What is Kurume Kasuri?

Kurume Kasuri is a traditional cotton fabric typical of Chikugo, an area in Fukuoka Prefecture, and is mainly made in the villages of Hirokawa, Chikugo and Yame. It is also used in the manufacture of the traditional “Happi” coat, which is worn while carrying wagons during the popular Yamakasa Festival.

Together with Iyo Kasuri (from the town of Matsuyama, in Ehime Prefecture) and Bing Kasuri (from the town of Fukuyama, in Hiroshima Prefecture), Kurume Kasuri is one of the three most famous Japanese Kasuri fabrics and its traditional technique has been recognized as an Intangible Cultural Heritage of Japan.

The Kurume Kasuri pattern is not realized at a later stage. Firstly, the cotton threads are tied with a rope and dyed in advance according to the drawing which will be created (following a technique known as “Kukuri”); the design is then built by weaving together dyed and not-dyed yarn.

Among its features, Kurume Kasuri is cool in summer, warm in winter and gets stronger and softer after each water washing.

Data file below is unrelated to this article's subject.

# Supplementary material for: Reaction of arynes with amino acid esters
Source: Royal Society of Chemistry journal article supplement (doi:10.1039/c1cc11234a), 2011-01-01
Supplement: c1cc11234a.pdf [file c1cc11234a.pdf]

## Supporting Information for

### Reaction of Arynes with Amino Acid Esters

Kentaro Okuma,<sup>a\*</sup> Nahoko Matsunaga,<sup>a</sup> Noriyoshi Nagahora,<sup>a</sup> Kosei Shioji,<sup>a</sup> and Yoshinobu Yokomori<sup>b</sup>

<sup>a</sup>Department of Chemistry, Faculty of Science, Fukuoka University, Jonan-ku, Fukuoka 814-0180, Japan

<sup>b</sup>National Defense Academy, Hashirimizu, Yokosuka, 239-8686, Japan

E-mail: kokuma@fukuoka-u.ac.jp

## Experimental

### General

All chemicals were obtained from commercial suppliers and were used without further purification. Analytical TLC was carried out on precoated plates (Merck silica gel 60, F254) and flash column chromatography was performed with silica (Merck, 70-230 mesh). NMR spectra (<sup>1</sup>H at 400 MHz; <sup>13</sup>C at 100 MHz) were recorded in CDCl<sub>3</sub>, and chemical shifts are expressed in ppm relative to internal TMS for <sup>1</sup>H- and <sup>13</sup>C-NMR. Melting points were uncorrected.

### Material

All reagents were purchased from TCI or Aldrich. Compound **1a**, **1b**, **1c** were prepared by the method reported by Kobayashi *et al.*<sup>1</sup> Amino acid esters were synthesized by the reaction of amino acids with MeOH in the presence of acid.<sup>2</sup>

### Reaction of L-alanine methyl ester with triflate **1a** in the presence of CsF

With more than 30 steps, the Kurume Kasuri realization process takes around 2-3 months to be fully completed. Besides hand weaving, it implies the use of loom machines dating back to more than 100 years ago. Each Kurume Kasuri thread has a weaving width of 1 shaku (37 cm), which is the same used in the manufacture of kimonos. In addition to the typical indigo dye, other pigments have been adopted so to create a wider range of designs, still realized according to the traditional technique.


The history of Kurume Kasuri

Kurume Kasuri was invented by Den Inoue (1788-1869), a rice trader’s daughter who was about 12 at that time (approximately in 1800, during the second half of the Edo period).

Den noticed how the discoloured stains on old cloth may have shaped an image and therefore tried to untie the fabric threads: by doing so, she ended up discovering a new technique to create Kasuri patterns based on dyeing yarn with indigo colour according to the “Kukuri” method. The fabric immediately got strongly positive feedback. At the age of 40, Den counted more than 1000 disciples and her manufacturing is now considered as the main industry of those times.

Later, experience and ability allowed artisans to develop new models and more complex Kasuri designs, whose production became popular after the introduction of the electrical chassis. However, this kind of production dropped drastically during the post-war economic boom, when synthetic fabrics and Western fashion styles started to get known in Japan. But even if the manufacture of Kasuri has disappeared from other industrial areas, Kurume Kasuri is still an essential and traditional part of local industry.